"I know I am," I said. "And no matter how many wins you've had in the ring, you haven't faced anyone like me."

The thug whose gun I had flung onto the roof chose not to be part of our audience. He started up the street. I fired webbing around his ankles and he went down hard. I heard his teeth clack together when his chin hit pavement, and he lurched to hands and knees, spitting blood. The one whose hands I'd glued together swung them at me like a bat. I ducked easily and jabbed him once in the gut. The breath blew out of him, and he rocked back against the nearest wall.

Which left me facing Mike Tyson. He was a few inches taller than me, with long arms and fists about the size of holiday hams. For big families. He circled around me, stepping lightly on the balls of his feet, going up on his toes, keeping his heels off the ground. His right prodded the air in my direction, testing me. I ducked and dodged those big fists for a few seconds before I decided to quit playing and put these punks away. It had been a quiet night so far, but that could change.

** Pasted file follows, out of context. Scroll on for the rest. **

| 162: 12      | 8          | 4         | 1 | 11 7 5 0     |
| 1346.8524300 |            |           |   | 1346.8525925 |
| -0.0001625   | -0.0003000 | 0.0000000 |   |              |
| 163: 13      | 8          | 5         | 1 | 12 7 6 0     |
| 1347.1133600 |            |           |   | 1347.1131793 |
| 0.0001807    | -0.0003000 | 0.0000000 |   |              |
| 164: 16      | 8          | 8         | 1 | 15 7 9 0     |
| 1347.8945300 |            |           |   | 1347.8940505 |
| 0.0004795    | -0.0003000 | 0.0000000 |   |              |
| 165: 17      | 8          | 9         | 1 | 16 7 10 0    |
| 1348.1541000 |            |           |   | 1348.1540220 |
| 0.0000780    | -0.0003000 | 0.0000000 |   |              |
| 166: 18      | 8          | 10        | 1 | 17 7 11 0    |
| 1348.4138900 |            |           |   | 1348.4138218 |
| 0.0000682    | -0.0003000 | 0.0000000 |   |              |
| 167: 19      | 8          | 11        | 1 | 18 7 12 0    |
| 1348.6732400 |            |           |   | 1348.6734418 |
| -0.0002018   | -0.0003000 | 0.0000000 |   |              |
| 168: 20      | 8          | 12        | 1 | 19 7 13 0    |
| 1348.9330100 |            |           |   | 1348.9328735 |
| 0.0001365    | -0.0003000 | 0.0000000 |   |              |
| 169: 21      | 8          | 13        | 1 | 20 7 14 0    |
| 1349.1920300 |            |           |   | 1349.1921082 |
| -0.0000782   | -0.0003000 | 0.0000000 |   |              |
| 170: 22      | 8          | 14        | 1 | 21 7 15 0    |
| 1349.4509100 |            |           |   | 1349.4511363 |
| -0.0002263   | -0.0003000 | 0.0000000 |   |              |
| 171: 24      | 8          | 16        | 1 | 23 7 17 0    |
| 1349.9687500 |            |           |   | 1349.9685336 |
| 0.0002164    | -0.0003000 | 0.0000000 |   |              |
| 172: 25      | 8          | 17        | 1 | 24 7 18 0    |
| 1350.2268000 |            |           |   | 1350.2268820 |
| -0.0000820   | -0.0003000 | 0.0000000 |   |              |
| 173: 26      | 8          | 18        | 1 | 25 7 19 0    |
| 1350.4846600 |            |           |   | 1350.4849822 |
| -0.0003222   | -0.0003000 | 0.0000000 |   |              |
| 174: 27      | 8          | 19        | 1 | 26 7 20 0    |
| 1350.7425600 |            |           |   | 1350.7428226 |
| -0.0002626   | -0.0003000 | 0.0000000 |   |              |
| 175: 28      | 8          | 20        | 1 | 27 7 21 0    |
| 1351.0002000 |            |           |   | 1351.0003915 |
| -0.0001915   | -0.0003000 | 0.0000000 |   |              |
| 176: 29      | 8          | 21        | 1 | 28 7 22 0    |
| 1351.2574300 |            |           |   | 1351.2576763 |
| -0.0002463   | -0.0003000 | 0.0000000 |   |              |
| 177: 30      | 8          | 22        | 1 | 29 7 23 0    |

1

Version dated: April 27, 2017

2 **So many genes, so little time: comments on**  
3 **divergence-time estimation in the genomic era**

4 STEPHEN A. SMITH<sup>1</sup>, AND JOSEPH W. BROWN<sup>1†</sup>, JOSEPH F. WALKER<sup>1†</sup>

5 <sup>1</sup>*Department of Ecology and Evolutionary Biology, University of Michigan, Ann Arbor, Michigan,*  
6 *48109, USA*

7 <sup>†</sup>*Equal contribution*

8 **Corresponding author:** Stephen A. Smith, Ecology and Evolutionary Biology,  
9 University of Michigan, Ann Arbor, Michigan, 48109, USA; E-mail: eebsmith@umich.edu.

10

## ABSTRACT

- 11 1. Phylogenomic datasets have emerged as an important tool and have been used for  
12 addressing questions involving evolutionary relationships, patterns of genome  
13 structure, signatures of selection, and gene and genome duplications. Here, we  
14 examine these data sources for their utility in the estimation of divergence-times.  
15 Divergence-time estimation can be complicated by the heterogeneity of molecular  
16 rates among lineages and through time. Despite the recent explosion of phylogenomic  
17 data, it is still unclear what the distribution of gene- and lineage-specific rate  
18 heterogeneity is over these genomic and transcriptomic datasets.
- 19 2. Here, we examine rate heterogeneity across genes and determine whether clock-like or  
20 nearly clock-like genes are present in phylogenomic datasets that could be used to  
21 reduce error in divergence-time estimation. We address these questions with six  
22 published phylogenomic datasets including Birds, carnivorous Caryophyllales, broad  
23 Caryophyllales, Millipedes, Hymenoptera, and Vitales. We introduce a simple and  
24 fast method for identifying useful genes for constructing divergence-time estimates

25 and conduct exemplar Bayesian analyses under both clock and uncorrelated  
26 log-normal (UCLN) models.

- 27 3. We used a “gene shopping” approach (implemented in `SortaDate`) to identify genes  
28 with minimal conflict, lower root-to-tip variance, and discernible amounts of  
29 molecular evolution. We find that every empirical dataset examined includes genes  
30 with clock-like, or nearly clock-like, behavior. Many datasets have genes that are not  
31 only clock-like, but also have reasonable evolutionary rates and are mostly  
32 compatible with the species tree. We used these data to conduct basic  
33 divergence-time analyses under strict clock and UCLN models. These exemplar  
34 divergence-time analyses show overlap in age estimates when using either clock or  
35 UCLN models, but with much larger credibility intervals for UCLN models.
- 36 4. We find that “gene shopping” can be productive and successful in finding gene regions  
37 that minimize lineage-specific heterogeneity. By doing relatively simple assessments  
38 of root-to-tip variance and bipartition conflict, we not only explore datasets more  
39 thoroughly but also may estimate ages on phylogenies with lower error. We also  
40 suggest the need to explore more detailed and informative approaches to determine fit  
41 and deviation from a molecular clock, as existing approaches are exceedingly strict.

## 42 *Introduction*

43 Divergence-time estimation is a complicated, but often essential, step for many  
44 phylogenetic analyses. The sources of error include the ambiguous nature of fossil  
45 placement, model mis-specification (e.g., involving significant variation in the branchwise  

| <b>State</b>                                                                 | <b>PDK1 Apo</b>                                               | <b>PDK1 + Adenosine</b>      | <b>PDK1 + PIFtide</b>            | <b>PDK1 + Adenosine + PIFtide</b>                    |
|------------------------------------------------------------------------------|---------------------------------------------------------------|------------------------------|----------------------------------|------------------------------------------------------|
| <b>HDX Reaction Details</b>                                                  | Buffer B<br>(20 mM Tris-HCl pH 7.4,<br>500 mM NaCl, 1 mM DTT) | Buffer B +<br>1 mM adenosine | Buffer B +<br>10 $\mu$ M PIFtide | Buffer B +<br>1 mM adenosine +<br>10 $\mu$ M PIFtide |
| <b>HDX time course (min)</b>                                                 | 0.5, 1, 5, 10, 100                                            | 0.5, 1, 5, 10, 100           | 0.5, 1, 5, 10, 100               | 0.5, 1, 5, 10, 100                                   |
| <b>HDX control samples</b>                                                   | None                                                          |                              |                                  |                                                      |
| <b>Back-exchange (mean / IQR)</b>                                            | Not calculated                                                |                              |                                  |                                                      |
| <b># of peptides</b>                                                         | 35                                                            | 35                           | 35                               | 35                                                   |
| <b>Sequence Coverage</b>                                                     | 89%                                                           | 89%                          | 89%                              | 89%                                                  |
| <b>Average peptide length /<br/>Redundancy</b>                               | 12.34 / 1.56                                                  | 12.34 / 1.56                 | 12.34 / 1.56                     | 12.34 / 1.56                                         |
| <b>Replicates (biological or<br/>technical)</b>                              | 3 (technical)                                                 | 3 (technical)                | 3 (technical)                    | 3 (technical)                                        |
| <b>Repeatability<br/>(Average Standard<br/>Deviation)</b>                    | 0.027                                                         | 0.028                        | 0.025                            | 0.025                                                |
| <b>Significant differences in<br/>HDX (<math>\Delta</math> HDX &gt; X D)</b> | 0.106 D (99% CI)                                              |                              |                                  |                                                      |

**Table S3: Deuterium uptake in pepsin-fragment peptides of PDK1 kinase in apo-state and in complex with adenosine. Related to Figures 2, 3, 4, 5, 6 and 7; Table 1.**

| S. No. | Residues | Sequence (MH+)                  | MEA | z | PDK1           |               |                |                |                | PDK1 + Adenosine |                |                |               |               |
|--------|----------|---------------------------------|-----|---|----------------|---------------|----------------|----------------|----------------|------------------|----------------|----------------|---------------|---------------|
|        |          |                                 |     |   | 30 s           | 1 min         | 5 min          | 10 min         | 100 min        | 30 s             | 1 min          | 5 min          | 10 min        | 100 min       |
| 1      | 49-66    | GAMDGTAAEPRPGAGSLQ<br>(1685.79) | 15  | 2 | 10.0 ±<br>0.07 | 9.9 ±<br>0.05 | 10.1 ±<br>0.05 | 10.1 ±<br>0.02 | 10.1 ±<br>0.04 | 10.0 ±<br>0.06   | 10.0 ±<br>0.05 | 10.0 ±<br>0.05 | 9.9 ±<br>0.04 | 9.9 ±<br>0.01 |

"You're hot stuff at the gym, huh?" I said.

"I do okay."

"I'll just bet." I stopped weaving and put my hands on my hips. "Go ahead, then. Give it to me. Your best shot."

"For reals?"

I nodded instead of speaking. It felt less like a lie that way. I thought he might plant his feet, but he didn't. Instead he came forward, still light on his feet, and when he threw a punch at me it was like an uncoiling spring, driven from the shoulder. Had it connected, it would have hurt.